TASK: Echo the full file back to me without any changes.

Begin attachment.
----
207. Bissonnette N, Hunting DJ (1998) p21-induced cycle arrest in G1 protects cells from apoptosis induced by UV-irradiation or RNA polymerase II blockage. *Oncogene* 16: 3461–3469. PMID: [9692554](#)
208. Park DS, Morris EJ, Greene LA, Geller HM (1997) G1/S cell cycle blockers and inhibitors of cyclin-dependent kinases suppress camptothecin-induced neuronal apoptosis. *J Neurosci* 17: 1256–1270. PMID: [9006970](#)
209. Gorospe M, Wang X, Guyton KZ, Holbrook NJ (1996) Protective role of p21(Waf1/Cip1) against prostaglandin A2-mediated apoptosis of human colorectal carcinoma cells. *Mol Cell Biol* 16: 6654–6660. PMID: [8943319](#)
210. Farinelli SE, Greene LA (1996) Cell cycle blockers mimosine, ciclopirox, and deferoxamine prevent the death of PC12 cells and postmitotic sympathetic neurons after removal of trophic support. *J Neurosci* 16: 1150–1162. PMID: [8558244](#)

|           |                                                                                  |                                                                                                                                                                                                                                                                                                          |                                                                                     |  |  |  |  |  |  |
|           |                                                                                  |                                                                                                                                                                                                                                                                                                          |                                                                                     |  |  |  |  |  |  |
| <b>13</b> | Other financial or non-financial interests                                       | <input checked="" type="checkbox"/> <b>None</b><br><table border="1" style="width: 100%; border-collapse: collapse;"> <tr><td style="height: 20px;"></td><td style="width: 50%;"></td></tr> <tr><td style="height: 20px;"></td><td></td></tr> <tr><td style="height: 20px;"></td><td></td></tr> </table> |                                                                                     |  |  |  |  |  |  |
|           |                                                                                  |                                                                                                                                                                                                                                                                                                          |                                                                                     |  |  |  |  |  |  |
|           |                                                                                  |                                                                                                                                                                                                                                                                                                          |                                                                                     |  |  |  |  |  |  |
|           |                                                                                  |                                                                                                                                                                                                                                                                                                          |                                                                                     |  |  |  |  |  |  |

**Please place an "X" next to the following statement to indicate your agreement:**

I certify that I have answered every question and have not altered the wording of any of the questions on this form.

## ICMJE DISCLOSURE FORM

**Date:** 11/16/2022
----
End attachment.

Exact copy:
207. Bissonnette N, Hunting DJ (1998) p21-induced cycle arrest in G1 protects cells from apoptosis induced by UV-irradiation or RNA polymerase II blockage. *Oncogene* 16: 3461–3469. PMID: [9692554](#)
208. Park DS, Morris EJ, Greene LA, Geller HM (1997) G1/S cell cycle blockers and inhibitors of cyclin-dependent kinases suppress camptothecin-induced neuronal apoptosis. *J Neurosci* 17: 1256–1270. PMID: [9006970](#)
209. Gorospe M, Wang X, Guyton KZ, Holbrook NJ (1996) Protective role of p21(Waf1/Cip1) against prostaglandin A2-mediated apoptosis of human colorectal carcinoma cells. *Mol Cell Biol* 16: 6654–6660. PMID: [8943319](#)
210. Farinelli SE, Greene LA (1996) Cell cycle blockers mimosine, ciclopirox, and deferoxamine prevent the death of PC12 cells and postmitotic sympathetic neurons after removal of trophic support. *J Neurosci* 16: 1150–1162. PMID: [8558244](#)

|           |                                                                                  |                                                                                                                                                                                                                                                                                                          |                                                                                     |  |  |  |  |  |  |
|           |                                                                                  |                                                                                                                                                                                                                                                                                                          |                                                                                     |  |  |  |  |  |  |
| <b>13</b> | Other financial or non-financial interests                                       | <input checked="" type="checkbox"/> <b>None</b><br><table border="1" style="width: 100%; border-collapse: collapse;"> <tr><td style="height: 20px;"></td><td style="width: 50%;"></td></tr> <tr><td style="height: 20px;"></td><td></td></tr> <tr><td style="height: 20px;"></td><td></td></tr> </table> |                                                                                     |  |  |  |  |  |  |
|           |                                                                                  |                                                                                                                                                                                                                                                                                                          |                                                                                     |  |  |  |  |  |  |
|           |                                                                                  |                                                                                                                                                                                                                                                                                                          |                                                                                     |  |  |  |  |  |  |
|           |                                                                                  |                                                                                                                                                                                                                                                                                                          |                                                                                     |  |  |  |  |  |  |

**Please place an "X" next to the following statement to indicate your agreement:**

I certify that I have answered every question and have not altered the wording of any of the questions on this form.

## ICMJE DISCLOSURE FORM

**Date:** 11/16/2022